Robert Tortolani, MD, is counting the days to his retirement—which begins July 1—but not because he is looking forward to more free time for kayaking, cross-country skiing and hiking, activities he loves pursuing in his adopted home state of Vermont, where he has practiced medicine for more than four decades.
Rather, he is counting the days because he knows that time is running out to find someone to fill his shoes. A family physician in Brattleboro, a city of 12,000 in the southeast corner of the state, he said that recruiting a replacement in his field has proved difficult. There are not enough family physicians in Brattleboro to begin with, he said. You can count them on two hands.
In addition, Dr. Tortolani, who turns 76 in May, is dealing with some fatigue. It’s hard to work all day, he said, and then go play softball on the team that his medical practice has sponsored for 40 years. Yet he said that he would have mustered the energy and soldiered on caring for Brattleboro’s frail and ailing—he was an Army physician during the Vietnam War, after all—but for the exhaustion of his staff, some of whom have been with him for more than 30 years.
“We all sat down together last June and decided that it was time to retire,” he said. “It was a tough decision to make, but my staff is also very tired. They spend more and more of time dealing with prior authorizations so that my patients can get the care they need. It is frustrating and onerous for them. It’s definitely harder for small practices like mine.”
The administrative and financial challenges faced by small-town solo practitioners such as Dr. Tortolani—the physician said he still uses paper charts, as he does not have the budget to convert to electronic medical records—have been balanced by the joys of getting to know the people he cares for as neighbors.
“Your patients are part of your community—your church, your grocery store, your hardware store,” he said. “I have cared for generations of families. I’ve seen young adult patients go on to have children and then grandchildren, and I have gotten to know them all.”
The ability to help the people in his own community is what drew Dr. Tortolani to medicine in the first place. He grew up an only child in another small New England city—Plainville, Connecticut—in the 1940s and ’50s, and he and his parents lived directly above his father’s medical practice.
“My father was one of four general practitioners in town, and he was loved by the community,” said Dr. Tortolani.
Dr. Tortolani said he believes that this type of high-touch, individual-centered care that he observed his father practicing, and that he has striven to emulate, is no longer in vogue. Too much has changed to allow this to happen with any regularity, he said: changes to insurance coverage and physician payment, along with other administrative burdens that have taken their toll on the quantity and quality of patient care, as well as on physician and staff morale.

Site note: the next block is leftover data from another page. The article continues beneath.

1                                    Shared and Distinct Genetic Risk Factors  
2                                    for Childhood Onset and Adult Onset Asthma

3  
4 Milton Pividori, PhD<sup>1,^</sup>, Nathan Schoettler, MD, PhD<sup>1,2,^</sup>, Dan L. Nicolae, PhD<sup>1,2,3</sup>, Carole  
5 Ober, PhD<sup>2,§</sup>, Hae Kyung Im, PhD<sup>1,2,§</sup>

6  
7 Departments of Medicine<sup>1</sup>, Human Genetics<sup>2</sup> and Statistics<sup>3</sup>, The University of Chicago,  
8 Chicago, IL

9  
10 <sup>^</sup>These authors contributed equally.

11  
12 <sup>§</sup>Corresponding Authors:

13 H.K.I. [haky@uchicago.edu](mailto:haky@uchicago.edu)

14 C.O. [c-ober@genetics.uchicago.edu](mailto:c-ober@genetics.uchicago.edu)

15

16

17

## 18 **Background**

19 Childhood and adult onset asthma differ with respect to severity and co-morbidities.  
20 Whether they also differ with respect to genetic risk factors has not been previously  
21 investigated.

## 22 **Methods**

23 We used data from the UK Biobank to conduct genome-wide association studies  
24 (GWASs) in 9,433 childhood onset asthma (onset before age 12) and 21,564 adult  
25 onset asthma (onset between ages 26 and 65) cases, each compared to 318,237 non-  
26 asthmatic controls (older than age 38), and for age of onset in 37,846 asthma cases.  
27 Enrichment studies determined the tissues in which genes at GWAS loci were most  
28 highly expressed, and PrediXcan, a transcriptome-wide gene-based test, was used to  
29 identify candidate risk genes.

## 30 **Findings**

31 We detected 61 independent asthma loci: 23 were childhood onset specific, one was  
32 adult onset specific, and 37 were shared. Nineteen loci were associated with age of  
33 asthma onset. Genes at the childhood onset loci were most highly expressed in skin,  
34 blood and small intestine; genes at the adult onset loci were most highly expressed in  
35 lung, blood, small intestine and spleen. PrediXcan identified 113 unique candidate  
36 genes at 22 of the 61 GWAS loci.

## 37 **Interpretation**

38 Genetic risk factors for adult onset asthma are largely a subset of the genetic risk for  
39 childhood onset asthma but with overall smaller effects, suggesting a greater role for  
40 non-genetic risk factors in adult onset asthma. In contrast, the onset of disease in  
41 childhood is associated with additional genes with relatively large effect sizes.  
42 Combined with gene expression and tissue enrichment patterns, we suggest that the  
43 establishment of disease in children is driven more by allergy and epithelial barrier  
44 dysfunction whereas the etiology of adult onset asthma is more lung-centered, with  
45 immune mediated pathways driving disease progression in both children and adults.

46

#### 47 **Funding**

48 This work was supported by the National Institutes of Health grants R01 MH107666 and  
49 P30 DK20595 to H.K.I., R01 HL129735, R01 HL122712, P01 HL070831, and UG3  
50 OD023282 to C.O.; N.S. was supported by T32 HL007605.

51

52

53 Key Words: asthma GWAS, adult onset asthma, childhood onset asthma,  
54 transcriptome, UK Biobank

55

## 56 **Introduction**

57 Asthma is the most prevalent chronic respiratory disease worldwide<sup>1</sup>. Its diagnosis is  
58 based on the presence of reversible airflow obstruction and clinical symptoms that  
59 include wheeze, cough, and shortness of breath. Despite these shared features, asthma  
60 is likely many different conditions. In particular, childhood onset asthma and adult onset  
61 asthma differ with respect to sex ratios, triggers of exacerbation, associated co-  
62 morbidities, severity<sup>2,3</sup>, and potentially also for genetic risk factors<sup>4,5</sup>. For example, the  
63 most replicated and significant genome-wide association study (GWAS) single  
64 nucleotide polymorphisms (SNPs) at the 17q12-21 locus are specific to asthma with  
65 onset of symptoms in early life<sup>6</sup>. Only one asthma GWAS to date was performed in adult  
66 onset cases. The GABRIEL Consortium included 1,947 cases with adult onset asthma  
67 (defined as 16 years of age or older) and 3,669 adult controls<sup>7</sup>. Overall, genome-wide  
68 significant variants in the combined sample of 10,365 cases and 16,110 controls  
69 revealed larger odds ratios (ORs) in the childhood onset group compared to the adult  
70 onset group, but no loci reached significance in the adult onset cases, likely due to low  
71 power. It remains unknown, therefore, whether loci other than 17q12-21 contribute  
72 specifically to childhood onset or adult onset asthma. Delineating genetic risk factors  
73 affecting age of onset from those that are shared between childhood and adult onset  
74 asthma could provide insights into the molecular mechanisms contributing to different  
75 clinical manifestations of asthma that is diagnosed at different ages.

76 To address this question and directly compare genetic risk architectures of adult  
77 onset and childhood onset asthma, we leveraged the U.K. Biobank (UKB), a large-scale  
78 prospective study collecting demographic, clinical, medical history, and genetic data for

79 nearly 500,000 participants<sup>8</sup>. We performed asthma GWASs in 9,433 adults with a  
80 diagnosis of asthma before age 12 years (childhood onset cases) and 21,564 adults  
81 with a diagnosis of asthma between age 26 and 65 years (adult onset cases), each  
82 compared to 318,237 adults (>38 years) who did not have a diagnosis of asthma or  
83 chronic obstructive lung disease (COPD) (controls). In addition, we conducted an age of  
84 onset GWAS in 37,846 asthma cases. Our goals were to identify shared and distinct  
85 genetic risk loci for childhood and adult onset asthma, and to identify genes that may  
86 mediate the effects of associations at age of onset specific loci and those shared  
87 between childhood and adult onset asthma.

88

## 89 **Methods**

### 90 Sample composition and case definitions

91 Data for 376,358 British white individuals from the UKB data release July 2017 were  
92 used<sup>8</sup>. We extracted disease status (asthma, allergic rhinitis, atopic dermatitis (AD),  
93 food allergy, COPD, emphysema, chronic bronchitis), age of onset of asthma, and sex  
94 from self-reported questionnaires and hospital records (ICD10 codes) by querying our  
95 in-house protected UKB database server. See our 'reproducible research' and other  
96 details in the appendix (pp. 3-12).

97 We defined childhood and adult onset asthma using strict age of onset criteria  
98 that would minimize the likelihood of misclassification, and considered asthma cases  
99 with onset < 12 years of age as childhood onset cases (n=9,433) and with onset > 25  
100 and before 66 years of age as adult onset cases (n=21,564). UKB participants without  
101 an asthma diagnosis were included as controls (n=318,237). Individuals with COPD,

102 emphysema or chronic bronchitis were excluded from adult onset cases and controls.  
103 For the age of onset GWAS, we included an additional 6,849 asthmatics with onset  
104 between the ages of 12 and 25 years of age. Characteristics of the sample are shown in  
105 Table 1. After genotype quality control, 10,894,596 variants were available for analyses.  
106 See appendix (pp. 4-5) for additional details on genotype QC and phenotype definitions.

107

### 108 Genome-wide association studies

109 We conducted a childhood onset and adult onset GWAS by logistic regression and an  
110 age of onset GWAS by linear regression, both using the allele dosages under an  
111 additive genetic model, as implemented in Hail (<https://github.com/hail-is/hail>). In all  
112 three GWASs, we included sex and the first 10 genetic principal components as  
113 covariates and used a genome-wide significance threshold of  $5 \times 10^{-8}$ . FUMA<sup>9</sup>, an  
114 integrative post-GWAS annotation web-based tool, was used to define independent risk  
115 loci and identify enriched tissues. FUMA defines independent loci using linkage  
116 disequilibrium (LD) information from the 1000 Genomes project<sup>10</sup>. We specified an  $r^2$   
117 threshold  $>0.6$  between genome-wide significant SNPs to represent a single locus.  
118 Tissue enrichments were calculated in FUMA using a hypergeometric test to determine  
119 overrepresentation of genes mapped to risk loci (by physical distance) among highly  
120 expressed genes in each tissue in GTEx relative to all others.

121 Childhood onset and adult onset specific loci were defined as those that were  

The changes have also had an effect on the ways in which physicians relate to each other, Dr. Tortolani observed.
“I used to have many more interactions with other physicians,” Dr. Tortolani said. “The collegiality was part of the fun of practicing medicine. We used to meet for coffee in the morning or have lunch together at the hospital cafeteria across the street from my office. That’s not happening anymore. Now, most of the physicians are alone in their offices, on their computers, working on electronic health records.”
Yet as Dr. Tortolani winds down his professional days, saying his final farewells to his patients and discovering that recruiting another primary care clinician is proving to be a great challenge, he is not giving up his involvement in professional issues. To effect changes he believes are needed in the medical profession, including the recruitment of more primary care physicians, he will remain active in both state and national medical organizations.
“I already plan on becoming increasingly involved in the AMA’s Senior Physicians Section,” he said.
Dr. Tortolani also intends to renew his medical license so that he can provide pro bono care to indigent patients at the free clinics in the Brattleboro area.
As for leisure time, the physician said he has no worries about keeping sufficiently busy. “I already have plenty of interests and hobbies,” he said, rattling off his involvement in the local historical societies and arts scene.
Retired or not, it is the well-being of his community that will remain uppermost in Dr. Tortolani’s mind. “It’s all about neighbors helping neighbors,” he said.